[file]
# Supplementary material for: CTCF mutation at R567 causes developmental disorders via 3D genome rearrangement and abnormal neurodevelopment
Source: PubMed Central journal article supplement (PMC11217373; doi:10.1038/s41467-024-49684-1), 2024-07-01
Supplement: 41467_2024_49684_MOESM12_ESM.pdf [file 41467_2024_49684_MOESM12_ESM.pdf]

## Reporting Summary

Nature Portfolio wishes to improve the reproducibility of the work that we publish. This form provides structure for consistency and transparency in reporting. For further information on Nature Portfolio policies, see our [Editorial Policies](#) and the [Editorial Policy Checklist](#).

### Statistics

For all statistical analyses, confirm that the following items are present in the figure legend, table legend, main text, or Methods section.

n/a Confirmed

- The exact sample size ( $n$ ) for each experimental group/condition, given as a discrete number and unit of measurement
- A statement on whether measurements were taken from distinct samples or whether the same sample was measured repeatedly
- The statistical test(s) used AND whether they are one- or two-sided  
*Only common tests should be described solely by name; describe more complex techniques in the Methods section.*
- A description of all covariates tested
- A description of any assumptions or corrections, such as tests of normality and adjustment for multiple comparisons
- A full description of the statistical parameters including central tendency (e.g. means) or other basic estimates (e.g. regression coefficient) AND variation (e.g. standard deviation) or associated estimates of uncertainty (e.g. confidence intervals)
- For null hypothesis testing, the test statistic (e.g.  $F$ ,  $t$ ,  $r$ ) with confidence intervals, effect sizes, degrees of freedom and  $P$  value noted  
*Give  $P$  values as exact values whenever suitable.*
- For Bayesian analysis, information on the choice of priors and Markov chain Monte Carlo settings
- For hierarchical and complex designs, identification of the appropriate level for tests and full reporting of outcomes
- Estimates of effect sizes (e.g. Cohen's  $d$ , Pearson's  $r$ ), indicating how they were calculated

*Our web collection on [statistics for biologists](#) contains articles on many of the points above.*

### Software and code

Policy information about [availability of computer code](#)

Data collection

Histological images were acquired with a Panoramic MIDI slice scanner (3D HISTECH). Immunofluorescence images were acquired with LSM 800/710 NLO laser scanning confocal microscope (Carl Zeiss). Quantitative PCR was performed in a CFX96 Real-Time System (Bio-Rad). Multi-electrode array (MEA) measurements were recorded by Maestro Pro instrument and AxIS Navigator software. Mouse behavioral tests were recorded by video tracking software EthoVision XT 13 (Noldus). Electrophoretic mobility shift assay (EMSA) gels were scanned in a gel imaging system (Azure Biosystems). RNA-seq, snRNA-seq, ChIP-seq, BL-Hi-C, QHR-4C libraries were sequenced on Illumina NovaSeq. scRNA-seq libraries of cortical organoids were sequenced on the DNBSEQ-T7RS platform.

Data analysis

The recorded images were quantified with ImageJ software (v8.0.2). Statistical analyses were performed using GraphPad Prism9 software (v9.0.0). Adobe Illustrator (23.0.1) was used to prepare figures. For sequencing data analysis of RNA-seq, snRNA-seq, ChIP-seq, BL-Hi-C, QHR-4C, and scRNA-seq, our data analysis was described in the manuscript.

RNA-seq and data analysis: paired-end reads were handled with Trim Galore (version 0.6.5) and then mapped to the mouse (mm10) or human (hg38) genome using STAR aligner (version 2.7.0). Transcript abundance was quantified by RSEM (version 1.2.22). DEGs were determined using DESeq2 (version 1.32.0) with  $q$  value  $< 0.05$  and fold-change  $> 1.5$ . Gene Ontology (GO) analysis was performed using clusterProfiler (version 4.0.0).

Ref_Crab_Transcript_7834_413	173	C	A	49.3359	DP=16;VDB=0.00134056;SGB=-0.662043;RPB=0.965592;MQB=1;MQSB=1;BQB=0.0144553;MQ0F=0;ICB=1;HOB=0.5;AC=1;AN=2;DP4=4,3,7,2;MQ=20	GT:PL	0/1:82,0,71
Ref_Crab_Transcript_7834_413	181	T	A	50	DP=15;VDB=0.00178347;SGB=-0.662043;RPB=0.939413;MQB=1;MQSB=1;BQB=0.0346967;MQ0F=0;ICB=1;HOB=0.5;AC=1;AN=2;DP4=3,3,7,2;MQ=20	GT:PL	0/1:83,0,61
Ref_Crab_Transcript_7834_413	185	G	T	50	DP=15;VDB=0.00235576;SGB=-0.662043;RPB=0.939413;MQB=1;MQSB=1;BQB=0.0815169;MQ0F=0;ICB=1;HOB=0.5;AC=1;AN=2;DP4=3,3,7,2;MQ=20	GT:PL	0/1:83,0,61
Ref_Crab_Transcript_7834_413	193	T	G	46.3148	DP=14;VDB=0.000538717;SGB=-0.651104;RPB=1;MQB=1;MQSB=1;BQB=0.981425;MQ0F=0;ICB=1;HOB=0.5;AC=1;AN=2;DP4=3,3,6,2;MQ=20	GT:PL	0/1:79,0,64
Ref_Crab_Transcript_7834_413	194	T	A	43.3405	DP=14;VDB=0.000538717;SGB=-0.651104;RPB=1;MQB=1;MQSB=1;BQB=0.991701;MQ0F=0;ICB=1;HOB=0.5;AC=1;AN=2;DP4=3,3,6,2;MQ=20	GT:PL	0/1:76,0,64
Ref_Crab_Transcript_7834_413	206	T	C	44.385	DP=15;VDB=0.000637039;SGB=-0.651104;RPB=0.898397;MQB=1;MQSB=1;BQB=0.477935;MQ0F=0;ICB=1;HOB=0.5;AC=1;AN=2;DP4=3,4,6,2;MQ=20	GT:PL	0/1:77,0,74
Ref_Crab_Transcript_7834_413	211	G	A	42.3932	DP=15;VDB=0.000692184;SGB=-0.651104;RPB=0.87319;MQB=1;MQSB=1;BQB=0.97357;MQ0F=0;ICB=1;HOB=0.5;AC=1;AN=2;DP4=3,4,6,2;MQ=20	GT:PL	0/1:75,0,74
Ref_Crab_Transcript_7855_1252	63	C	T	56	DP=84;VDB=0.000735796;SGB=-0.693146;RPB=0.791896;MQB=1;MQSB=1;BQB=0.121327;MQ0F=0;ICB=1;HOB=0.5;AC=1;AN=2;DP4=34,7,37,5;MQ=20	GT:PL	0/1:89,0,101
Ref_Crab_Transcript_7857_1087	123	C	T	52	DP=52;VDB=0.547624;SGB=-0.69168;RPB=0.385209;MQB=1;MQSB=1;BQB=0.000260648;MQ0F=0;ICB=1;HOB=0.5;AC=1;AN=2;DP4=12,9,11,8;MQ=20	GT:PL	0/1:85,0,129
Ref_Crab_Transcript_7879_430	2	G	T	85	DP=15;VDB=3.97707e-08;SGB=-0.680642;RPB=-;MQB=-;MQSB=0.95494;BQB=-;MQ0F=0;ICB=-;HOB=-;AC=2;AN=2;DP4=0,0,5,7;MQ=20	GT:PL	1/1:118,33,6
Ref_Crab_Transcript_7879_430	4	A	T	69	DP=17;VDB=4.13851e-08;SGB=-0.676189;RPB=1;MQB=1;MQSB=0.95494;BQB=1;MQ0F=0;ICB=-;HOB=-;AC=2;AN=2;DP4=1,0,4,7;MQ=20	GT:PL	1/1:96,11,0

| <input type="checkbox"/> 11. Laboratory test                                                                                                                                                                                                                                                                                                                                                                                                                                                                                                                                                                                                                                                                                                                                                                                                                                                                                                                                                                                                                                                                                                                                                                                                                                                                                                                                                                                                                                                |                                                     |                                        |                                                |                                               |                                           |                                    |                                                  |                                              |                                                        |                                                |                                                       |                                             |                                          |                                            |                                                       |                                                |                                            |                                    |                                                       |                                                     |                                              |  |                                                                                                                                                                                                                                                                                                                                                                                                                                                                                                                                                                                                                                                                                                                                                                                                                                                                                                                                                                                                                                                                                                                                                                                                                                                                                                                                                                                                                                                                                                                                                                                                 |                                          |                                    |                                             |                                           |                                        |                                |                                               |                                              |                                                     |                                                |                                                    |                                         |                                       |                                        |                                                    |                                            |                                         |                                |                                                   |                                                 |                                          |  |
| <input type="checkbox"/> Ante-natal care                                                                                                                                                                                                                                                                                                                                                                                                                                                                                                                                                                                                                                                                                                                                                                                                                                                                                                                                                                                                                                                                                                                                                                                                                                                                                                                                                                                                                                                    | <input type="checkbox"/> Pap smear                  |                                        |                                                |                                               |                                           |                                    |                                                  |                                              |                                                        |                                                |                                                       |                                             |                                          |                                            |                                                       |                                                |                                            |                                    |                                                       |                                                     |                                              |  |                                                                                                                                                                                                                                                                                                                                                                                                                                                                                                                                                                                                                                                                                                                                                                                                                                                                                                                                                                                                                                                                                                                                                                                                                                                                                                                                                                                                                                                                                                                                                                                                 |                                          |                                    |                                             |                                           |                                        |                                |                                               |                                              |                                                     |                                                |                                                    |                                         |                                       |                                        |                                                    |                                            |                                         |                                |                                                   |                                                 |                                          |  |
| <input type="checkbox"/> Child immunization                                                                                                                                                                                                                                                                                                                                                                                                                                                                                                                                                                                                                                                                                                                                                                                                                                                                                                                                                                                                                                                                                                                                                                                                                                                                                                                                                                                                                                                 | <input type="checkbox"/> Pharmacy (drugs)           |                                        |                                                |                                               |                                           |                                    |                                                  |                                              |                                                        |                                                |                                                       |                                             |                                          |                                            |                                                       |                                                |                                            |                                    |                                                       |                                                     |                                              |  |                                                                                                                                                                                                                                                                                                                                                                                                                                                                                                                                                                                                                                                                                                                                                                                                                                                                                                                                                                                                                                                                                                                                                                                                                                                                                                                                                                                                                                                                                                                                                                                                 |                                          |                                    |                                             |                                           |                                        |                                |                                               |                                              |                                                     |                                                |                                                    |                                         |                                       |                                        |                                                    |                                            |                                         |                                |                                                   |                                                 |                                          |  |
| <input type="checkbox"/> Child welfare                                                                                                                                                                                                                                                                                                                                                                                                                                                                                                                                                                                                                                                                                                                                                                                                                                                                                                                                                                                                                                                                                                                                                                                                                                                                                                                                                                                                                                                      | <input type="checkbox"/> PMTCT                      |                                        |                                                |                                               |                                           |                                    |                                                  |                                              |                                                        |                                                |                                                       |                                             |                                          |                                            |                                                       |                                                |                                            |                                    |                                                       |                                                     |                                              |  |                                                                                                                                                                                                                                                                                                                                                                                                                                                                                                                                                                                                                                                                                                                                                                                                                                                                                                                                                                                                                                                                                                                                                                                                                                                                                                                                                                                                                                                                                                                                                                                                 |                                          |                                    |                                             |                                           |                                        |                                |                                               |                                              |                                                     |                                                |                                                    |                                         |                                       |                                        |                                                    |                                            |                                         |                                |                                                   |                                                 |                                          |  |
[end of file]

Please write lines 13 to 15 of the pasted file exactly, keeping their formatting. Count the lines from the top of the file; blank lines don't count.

- A description of all covariates tested
- A description of any assumptions or corrections, such as tests of normality and adjustment for multiple comparisons
- A full description of the statistical parameters including central tendency (e.g. means) or other basic estimates (e.g. regression coefficient) AND variation (e.g. standard deviation) or associated estimates of uncertainty (e.g. confidence intervals)